4. My 2 cents worth of comments —— I’m a headhunter for over a decade before assuming my current operational role. I agree with Carol but I’ve always known behavioral interview to follow this format

    S – Scenario
    A – Action taken
    R – result (sometime I add another item if the result is ‘nagative’ – what did you learn from this episode? I even ‘taught’ candidates to volunteerily ans this if they’re quizzed on a situation where the R (result) is negative)

    It should not stop at S (scenario) and if it does, recruiters have not employed bahavioral interviewing accurately.

  5. IMHO, there is no such thing as a ‘canned response’ to a behavioral interview question if you ask it correctly and if you do not settle for an answer that does not detail a situation or task, an action and a result. If you are getting ‘canned’ responses to the questions you are asking, you are not asking the right questions.

    Also, there is nothing revolutionary about her “how you did it and what you got out of it” follow up question. The “how you did it” would be the action described above and the “what you got out of it” would be the motivational piece that any good interviewer would ask. A good interviewer is able to combine behavior and motivation into the interview in an effective way.

  6. As someone who has introduced the use of MBI as the sole interviewing tool for a Fortune 10 company, I can say that MBI and behavioral-based interviewing are like day and night. Behavioral-based interviewing ask questions that allows the candidate to provide examples of things they have done. Even the best answers only identify the candidates’ skills and knowledge. These factors, while important in the performance of a job, are only tools. And a tool is only as good as the person using it. This is where MBI strongly differentiates itself from behavioral-based interviewing. The technique MBI uses is asking a behavioral-based questions that includes an obstacle. It’s the obstacle part of the question that determines the candidates’ motivation (the M in MBI), and motivation is what it’s all about! A candidate can have all the skills in the world, but if they don’t have the self, or internal motivation, to use those tools, it’s like buying an expensive power daw and never taking it out of the box. Carol Quinn’s interviewing process is not something she just dreamed up. It’s based on a part of psychology called, “Locus of Control (LOC)”. We all have an LOC. What MBI teaches interviewers is how to identify candidates with a tendency for “internal locus of control” or what most people call self-motivation and those candidates with an “external locus of control tendency” or lack of self-motivation. Those candidates with an internal LOC tendency are the ones, both in their interview responses and in the real work-a-day world, that are going to work to overcome the mulitple obstacles they face everyday. The candidates with an external LOC tendency are the ones who’re going the throw up their hands and say,”I can’t do that” or “That’s impossible” or make some other type of excuse for why that can’t do many of the assignments and other tasks they are given in the routine performance of their jobs. No one is all internal or external, but in a set ofwell designed interview questions, an MBI-trained interviewer can determine which candidates will routinely gert results and which wont. Oh, and by the way, those same questions let’s a trained interviewer assess those inmportant job-skills at the same time their assessing locus of control.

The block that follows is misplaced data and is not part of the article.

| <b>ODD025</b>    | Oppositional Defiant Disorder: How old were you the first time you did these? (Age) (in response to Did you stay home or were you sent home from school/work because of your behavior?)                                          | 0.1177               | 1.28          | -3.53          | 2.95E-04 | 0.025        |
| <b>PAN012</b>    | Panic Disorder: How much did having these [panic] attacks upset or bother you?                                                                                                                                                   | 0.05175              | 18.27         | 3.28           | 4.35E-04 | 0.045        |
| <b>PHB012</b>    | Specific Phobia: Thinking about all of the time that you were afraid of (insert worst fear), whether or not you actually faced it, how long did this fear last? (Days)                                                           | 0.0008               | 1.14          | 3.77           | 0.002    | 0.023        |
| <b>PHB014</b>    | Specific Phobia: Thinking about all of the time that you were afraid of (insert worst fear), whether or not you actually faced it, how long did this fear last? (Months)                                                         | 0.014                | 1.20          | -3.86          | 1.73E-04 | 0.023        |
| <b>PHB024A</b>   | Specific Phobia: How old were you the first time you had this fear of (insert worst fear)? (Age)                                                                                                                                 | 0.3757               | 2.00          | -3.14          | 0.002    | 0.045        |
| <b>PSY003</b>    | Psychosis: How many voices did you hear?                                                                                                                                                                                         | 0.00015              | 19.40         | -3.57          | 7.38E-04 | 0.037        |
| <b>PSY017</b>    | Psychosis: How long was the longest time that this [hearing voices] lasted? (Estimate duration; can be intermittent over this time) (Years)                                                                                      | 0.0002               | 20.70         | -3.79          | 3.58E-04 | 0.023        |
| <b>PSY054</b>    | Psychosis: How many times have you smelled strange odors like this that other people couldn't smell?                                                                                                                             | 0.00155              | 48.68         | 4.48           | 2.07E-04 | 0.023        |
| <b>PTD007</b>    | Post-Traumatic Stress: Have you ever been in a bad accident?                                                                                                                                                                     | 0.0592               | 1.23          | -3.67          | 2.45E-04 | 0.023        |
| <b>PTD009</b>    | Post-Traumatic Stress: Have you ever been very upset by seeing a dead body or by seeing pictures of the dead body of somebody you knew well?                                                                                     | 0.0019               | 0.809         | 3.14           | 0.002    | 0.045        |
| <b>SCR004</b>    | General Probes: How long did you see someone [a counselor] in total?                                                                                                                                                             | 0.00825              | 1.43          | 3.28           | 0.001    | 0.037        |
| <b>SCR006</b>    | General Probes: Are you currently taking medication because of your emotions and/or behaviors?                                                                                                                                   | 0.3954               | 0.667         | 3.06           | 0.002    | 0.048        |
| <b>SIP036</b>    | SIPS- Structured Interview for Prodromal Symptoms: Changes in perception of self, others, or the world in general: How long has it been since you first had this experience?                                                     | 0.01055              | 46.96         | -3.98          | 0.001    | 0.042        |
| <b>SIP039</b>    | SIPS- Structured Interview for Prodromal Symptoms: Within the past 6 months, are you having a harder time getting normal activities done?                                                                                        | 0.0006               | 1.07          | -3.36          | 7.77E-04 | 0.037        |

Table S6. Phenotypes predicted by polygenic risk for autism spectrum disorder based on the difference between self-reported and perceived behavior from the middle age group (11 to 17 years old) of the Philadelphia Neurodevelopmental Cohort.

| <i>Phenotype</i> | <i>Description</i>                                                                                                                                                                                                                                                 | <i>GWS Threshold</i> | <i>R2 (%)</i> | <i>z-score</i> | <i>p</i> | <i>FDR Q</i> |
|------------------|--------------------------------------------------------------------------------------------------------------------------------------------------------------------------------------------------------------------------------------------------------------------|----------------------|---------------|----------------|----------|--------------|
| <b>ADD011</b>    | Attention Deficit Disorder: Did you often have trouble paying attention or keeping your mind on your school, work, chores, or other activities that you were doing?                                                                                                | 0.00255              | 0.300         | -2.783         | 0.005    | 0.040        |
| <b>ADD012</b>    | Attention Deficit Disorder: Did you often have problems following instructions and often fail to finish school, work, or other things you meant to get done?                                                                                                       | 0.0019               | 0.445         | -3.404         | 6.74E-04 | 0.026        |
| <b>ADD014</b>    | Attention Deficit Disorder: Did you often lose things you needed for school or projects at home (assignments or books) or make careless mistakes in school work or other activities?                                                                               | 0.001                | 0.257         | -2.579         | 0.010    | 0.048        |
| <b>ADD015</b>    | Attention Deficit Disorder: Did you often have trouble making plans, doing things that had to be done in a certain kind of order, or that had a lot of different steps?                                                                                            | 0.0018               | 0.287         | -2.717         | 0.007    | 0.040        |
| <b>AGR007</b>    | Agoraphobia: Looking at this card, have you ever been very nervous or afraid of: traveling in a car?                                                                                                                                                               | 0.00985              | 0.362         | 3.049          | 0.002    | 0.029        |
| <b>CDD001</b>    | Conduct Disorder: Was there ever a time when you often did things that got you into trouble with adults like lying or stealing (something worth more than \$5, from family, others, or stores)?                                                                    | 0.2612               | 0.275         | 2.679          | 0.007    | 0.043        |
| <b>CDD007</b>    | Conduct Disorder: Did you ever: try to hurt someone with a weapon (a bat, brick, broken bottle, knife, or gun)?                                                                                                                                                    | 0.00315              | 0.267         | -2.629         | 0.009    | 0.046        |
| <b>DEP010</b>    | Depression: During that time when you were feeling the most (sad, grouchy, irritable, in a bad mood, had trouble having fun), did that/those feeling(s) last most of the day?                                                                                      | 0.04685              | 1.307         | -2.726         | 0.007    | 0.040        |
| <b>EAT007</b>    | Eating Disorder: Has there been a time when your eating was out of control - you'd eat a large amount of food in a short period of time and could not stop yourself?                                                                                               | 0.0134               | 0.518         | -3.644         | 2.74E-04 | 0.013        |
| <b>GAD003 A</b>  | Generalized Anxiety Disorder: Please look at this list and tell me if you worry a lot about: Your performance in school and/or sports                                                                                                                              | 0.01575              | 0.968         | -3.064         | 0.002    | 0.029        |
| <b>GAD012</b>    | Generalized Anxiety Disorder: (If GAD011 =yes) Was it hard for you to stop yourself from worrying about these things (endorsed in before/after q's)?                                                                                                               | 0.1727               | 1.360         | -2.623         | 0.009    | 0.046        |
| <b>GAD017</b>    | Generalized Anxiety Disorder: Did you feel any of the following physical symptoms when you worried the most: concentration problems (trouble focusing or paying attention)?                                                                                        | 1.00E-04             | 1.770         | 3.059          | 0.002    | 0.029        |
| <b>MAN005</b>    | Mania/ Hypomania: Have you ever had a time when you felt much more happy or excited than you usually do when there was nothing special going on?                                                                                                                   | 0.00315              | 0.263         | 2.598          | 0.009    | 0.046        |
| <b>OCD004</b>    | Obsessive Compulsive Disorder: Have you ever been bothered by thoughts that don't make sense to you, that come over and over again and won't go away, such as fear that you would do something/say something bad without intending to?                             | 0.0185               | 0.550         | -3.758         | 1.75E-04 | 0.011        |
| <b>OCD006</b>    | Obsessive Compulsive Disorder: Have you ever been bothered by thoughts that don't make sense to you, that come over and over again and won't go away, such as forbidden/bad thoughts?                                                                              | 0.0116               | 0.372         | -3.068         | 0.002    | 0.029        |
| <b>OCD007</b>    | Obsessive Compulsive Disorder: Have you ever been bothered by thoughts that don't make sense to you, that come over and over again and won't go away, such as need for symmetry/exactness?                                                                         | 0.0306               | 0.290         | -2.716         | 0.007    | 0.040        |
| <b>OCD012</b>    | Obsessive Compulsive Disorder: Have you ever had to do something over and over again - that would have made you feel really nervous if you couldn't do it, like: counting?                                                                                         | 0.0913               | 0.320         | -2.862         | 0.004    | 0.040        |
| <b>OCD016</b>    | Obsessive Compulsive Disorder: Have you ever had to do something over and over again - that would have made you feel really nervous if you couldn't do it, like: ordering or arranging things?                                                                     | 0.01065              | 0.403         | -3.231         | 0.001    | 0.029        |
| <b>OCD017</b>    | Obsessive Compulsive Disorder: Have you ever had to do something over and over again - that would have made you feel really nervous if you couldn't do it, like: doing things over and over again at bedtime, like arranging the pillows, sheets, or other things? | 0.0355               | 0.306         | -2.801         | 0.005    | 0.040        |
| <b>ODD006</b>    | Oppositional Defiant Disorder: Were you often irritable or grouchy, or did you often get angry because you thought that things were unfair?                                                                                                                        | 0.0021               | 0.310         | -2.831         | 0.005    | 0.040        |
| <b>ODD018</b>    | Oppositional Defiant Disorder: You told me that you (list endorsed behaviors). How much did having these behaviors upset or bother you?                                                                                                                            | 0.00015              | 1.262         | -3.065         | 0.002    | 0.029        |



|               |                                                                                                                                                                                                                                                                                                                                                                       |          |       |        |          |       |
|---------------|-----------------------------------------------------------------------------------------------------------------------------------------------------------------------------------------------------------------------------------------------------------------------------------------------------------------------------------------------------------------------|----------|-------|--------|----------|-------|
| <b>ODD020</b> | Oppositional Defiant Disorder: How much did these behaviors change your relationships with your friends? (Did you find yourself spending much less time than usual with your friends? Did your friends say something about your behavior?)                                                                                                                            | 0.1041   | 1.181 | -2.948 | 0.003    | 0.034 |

One other comment, in addition to assessing locus of control, MBI-trained interviewers know how to look for career-fit. They know how to find each candidate’s “motivation steering wheel”, that thing we all have in our heads and hearts that steers us towards what we are good at doing and want to do more of. This assessment enables the interviewer to sort the job seeker who just wants a paycheck (and that’s not an altogether bad thng, we all gotta eat and pay the bills!) from the job seeker who really has a passion for doing the position for which they are interviewing. The combination of knowing how to identify that self-motivated candidate who’ll routinely overcome the obstacles and challenges all jobs have and that really loves doing what your openings requires makes for a new hire who will far exceed any candidate with just the tools to do a job. I highly recommend any one interested in learning more about MBI to contact Carol Quinn at carol@hireauthority.com.

    Neal Squyres
    Manager, Western Hemisphere Resourcing Operations (retired)
    BP Americas

  7. Back in the mid-90’s when I served on the Employment Management Association national board of directors, Carol wrote an article for the EMA REPORTER magazine. In that article I used a quote – “Applicants are learning more about getting a job than interviewers are learning about hiring” – for a number of presentations (always with credit to Carol). And it still holds true today! Especially with your hiring managers.

    By incorporating other tools such as assessemnts to compliment (and prepare) for more effective interviews, this increased the opportunity to learn more about candidate motivations and values that will eventually drive their thinking, judgements, choices, engagement, and therefore results. Having used numerous tools along the way, the Hartman-Kinsel Value Profile (based on a deductive science called Axiology)is the most effective tool I’ve found that shows a person’s true value structure including their attention in critical thinking conditions. By providing this insight, it’s easier to prepare and execute interviews targeted specifically to their motivations and values compared to what is critically needed for success in the role (assuming that success is well defined!).

  8. I too have taken Carol’s MBI course and can tell you that it is different than behavioural based interviewing. While it shares some of the similarities in that it draws on an applicant’s history, there is more to the Motivational Based Interviews. I have interviewed for many years and thought I was fairly good at it; but this tool helps to identify those who will perform in the role better than anything I have used previously. Job seekers are definitely learning how to ace interviews – the beauty of MBI is that it takes the interviewing process to a new level.